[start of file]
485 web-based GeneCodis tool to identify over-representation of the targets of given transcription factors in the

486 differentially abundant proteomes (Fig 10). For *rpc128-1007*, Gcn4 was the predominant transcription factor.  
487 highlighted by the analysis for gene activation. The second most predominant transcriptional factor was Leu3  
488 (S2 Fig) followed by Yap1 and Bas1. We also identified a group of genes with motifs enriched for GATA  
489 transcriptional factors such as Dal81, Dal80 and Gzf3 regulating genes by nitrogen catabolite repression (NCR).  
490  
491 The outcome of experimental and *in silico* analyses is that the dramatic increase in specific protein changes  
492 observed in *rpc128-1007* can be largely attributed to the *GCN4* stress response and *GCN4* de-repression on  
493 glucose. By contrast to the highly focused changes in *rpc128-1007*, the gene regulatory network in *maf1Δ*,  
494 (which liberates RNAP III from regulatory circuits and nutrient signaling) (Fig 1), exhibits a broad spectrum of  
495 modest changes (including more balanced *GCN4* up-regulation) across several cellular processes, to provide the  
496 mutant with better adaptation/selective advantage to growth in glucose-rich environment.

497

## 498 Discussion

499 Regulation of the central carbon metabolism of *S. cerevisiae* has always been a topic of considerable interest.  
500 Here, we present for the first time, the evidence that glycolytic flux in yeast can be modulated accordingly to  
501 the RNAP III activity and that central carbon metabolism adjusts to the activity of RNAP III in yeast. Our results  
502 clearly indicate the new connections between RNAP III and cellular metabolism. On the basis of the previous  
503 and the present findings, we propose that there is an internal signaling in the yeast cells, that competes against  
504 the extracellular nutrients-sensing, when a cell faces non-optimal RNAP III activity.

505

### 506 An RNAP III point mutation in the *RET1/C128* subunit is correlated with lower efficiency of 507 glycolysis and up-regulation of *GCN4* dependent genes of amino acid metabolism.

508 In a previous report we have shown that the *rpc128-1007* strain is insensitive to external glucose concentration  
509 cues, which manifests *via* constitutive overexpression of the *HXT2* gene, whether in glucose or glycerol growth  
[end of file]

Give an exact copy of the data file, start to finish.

485 web-based GeneCodis tool to identify over-representation of the targets of given transcription factors in the

486 differentially abundant proteomes (Fig 10). For *rpc128-1007*, Gcn4 was the predominant transcription factor.  
487 highlighted by the analysis for gene activation. The second most predominant transcriptional factor was Leu3  
488 (S2 Fig) followed by Yap1 and Bas1. We also identified a group of genes with motifs enriched for GATA  
489 transcriptional factors such as Dal81, Dal80 and Gzf3 regulating genes by nitrogen catabolite repression (NCR).  
490  
491 The outcome of experimental and *in silico* analyses is that the dramatic increase in specific protein changes  
492 observed in *rpc128-1007* can be largely attributed to the *GCN4* stress response and *GCN4* de-repression on  
493 glucose. By contrast to the highly focused changes in *rpc128-1007*, the gene regulatory network in *maf1Δ*,  
494 (which liberates RNAP III from regulatory circuits and nutrient signaling) (Fig 1), exhibits a broad spectrum of  
495 modest changes (including more balanced *GCN4* up-regulation) across several cellular processes, to provide the  
496 mutant with better adaptation/selective advantage to growth in glucose-rich environment.

497

## 498 Discussion

499 Regulation of the central carbon metabolism of *S. cerevisiae* has always been a topic of considerable interest.  
500 Here, we present for the first time, the evidence that glycolytic flux in yeast can be modulated accordingly to  
501 the RNAP III activity and that central carbon metabolism adjusts to the activity of RNAP III in yeast. Our results  
502 clearly indicate the new connections between RNAP III and cellular metabolism. On the basis of the previous  
503 and the present findings, we propose that there is an internal signaling in the yeast cells, that competes against  
504 the extracellular nutrients-sensing, when a cell faces non-optimal RNAP III activity.

505

### 506 An RNAP III point mutation in the *RET1/C128* subunit is correlated with lower efficiency of 507 glycolysis and up-regulation of *GCN4* dependent genes of amino acid metabolism.

508 In a previous report we have shown that the *rpc128-1007* strain is insensitive to external glucose concentration  
509 cues, which manifests *via* constitutive overexpression of the *HXT2* gene, whether in glucose or glycerol growth  